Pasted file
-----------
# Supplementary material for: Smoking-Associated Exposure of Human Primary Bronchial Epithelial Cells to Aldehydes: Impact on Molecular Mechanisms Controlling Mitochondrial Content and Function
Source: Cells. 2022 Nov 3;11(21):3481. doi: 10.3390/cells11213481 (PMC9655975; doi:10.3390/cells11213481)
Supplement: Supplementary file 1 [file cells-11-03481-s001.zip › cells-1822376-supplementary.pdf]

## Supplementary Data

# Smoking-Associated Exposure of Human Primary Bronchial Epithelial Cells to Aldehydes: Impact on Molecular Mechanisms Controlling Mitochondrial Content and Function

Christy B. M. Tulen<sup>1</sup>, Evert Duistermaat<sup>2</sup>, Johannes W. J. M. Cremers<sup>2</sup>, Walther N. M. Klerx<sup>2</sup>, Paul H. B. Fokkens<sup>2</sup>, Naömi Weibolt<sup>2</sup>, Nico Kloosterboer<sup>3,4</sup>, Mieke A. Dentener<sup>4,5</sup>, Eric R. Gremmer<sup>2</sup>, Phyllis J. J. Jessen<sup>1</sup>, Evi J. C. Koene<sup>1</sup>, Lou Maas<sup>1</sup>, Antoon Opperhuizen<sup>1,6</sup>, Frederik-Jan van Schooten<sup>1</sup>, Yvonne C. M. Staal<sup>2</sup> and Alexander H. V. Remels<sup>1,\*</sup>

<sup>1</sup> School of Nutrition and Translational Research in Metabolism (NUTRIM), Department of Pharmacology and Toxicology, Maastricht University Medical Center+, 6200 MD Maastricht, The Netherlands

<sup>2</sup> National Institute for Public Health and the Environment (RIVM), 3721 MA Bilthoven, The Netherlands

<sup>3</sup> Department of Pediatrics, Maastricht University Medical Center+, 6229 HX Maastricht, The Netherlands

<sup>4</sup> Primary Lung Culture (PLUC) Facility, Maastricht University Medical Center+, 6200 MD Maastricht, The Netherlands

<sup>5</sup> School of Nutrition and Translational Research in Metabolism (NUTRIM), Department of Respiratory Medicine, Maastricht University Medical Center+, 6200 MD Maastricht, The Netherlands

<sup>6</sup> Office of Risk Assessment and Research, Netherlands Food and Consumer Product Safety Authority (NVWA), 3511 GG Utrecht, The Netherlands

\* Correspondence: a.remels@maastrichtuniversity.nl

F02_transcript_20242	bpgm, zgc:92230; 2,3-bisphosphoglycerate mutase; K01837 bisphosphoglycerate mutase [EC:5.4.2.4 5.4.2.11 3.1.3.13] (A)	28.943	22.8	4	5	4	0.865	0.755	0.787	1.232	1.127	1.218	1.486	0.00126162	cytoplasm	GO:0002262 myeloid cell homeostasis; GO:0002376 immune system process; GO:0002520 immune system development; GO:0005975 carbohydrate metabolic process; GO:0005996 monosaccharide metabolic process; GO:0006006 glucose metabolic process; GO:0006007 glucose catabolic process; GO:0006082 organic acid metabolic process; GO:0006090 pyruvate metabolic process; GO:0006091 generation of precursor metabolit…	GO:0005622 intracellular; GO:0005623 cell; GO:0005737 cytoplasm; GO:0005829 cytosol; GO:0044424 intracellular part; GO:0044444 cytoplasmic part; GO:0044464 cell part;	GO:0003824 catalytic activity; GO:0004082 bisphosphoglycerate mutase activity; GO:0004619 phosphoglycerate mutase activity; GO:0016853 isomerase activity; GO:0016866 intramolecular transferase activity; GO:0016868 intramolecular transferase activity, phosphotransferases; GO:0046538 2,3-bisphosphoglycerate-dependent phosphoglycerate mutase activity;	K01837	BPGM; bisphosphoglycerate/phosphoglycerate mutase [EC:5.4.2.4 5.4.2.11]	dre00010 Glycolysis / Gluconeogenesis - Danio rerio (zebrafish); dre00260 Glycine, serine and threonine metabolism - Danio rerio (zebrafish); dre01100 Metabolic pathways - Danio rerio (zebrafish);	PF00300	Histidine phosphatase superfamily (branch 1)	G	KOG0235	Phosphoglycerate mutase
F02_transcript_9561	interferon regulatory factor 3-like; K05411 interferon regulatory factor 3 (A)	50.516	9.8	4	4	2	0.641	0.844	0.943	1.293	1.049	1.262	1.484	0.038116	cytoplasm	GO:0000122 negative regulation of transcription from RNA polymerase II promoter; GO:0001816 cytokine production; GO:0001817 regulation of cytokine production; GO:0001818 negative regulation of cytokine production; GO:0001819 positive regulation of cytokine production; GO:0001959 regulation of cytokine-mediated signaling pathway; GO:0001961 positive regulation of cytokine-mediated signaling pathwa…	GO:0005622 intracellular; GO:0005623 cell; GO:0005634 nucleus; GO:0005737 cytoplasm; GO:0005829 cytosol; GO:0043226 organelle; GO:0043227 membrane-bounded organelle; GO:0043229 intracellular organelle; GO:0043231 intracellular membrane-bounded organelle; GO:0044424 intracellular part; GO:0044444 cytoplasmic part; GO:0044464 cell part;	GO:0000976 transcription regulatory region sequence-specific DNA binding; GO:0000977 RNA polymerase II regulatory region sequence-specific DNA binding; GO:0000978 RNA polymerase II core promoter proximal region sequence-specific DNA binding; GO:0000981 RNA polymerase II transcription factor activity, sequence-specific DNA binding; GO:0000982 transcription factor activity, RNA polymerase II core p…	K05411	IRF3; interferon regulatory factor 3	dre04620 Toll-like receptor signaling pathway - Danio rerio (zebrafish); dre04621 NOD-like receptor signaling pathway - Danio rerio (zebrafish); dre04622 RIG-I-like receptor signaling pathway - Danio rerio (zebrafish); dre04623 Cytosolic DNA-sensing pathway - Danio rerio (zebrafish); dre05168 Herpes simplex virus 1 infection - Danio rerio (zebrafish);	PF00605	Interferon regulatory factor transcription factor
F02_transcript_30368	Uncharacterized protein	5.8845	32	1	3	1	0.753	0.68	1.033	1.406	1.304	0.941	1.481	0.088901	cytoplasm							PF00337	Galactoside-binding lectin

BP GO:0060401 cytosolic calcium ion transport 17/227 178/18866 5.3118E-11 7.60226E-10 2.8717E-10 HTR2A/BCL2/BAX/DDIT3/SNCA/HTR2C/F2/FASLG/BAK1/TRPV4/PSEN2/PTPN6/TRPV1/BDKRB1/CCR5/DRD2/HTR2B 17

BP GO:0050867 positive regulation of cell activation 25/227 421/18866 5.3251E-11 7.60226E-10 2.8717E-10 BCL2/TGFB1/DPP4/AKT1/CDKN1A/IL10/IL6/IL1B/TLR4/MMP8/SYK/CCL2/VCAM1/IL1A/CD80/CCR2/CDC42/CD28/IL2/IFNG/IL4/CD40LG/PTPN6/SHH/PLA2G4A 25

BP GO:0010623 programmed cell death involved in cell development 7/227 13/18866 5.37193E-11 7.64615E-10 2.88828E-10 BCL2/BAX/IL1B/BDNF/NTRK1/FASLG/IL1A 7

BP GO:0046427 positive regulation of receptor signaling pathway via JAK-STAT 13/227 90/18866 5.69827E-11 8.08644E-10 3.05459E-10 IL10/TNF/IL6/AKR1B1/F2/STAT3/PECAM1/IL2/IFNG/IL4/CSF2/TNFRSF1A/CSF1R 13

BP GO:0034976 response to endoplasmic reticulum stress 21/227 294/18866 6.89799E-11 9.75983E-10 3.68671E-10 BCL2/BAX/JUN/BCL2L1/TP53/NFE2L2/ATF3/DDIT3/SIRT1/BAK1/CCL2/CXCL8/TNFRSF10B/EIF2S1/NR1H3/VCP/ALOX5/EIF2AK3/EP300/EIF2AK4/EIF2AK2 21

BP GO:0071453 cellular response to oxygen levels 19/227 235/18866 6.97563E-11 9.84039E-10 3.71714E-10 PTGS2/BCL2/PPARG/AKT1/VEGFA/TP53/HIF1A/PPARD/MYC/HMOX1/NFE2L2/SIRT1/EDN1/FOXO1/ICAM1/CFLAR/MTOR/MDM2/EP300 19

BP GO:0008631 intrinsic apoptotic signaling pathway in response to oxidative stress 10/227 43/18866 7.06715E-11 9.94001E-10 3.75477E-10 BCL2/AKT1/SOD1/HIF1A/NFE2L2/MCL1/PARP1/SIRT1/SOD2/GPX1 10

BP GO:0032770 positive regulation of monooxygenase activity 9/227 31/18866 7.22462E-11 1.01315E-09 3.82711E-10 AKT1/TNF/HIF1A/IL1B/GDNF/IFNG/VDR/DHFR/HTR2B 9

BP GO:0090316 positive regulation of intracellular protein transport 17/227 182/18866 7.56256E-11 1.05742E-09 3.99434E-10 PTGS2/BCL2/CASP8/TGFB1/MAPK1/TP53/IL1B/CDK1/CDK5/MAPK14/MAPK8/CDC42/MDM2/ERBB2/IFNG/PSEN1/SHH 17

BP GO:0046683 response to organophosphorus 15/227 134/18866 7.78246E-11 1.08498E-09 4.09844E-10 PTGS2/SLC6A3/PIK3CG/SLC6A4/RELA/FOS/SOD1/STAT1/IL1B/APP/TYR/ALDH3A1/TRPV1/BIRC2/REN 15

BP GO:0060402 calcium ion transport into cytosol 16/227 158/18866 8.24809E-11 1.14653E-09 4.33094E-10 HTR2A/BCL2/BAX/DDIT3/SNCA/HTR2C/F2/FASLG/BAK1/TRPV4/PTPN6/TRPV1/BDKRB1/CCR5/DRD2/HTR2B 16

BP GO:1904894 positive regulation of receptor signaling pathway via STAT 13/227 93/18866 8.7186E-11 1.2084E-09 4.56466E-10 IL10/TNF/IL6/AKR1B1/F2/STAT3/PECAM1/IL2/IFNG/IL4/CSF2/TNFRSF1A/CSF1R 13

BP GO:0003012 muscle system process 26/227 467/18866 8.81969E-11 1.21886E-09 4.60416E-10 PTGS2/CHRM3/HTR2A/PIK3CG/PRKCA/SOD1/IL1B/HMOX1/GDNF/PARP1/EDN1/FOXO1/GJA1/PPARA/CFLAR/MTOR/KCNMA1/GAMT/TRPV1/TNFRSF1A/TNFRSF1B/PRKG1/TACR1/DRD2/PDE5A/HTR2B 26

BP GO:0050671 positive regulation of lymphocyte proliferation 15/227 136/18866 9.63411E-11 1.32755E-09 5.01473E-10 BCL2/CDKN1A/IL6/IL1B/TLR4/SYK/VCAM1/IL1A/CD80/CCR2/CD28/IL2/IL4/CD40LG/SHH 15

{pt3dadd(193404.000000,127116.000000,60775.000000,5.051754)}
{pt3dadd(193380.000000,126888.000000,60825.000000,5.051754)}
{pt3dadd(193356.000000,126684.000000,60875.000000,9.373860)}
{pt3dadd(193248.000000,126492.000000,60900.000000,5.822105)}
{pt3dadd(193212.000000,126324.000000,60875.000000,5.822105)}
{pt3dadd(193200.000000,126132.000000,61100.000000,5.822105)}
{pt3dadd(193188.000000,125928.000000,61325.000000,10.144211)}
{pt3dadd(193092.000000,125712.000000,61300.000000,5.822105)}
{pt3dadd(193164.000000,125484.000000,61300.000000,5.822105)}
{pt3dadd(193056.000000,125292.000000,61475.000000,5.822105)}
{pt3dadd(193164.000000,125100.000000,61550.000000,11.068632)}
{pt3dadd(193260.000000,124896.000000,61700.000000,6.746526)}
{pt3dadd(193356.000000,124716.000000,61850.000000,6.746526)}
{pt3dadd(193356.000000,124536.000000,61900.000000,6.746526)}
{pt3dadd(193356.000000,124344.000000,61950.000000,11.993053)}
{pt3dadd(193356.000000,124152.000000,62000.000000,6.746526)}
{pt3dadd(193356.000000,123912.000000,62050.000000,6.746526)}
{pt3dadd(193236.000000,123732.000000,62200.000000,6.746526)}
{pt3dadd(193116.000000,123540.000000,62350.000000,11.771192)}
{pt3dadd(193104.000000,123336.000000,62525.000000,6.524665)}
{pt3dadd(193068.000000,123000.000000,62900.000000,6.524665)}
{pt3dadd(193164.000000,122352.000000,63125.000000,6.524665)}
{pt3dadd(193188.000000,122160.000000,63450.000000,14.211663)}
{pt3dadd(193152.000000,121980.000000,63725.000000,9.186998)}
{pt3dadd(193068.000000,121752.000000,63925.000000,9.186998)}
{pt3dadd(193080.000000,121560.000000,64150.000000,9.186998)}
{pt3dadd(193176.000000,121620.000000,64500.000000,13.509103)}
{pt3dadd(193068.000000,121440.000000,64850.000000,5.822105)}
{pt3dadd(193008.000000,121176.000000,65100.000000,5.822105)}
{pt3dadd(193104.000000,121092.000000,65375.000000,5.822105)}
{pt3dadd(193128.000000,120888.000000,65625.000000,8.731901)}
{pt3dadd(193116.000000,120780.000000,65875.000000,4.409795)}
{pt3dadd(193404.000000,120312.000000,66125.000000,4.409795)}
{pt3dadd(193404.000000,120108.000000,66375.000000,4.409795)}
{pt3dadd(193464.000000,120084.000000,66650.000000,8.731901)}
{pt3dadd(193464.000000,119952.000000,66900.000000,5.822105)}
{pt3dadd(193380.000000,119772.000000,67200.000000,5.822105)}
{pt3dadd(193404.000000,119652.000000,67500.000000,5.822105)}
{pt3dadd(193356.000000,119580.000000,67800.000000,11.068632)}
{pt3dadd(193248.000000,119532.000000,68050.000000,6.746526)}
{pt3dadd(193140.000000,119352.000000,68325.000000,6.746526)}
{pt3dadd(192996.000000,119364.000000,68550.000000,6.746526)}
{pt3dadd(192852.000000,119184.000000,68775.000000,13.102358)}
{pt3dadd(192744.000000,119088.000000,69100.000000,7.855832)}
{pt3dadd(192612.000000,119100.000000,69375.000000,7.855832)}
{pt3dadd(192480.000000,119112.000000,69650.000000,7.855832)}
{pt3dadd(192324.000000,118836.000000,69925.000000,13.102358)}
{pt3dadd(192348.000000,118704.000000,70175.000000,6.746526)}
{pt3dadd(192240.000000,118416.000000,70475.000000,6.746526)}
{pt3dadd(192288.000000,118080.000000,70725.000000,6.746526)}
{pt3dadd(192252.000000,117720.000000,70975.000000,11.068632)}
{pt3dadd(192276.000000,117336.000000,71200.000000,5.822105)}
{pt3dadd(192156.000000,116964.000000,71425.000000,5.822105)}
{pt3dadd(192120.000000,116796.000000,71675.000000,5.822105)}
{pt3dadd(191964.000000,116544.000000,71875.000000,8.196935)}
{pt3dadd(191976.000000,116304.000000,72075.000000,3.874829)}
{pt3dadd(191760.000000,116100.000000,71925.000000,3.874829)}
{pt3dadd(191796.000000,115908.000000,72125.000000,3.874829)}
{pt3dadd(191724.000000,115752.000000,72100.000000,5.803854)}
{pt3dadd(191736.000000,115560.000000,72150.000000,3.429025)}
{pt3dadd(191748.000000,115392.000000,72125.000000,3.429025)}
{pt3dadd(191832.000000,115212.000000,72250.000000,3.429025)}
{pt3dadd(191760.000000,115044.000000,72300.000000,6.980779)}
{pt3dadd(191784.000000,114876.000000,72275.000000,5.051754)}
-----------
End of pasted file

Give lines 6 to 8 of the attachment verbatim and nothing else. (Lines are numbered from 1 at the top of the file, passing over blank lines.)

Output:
Christy B. M. Tulen<sup>1</sup>, Evert Duistermaat<sup>2</sup>, Johannes W. J. M. Cremers<sup>2</sup>, Walther N. M. Klerx<sup>2</sup>, Paul H. B. Fokkens<sup>2</sup>, Naömi Weibolt<sup>2</sup>, Nico Kloosterboer<sup>3,4</sup>, Mieke A. Dentener<sup>4,5</sup>, Eric R. Gremmer<sup>2</sup>, Phyllis J. J. Jessen<sup>1</sup>, Evi J. C. Koene<sup>1</sup>, Lou Maas<sup>1</sup>, Antoon Opperhuizen<sup>1,6</sup>, Frederik-Jan van Schooten<sup>1</sup>, Yvonne C. M. Staal<sup>2</sup> and Alexander H. V. Remels<sup>1,\*</sup>

<sup>1</sup> School of Nutrition and Translational Research in Metabolism (NUTRIM), Department of Pharmacology and Toxicology, Maastricht University Medical Center+, 6200 MD Maastricht, The Netherlands

<sup>2</sup> National Institute for Public Health and the Environment (RIVM), 3721 MA Bilthoven, The Netherlands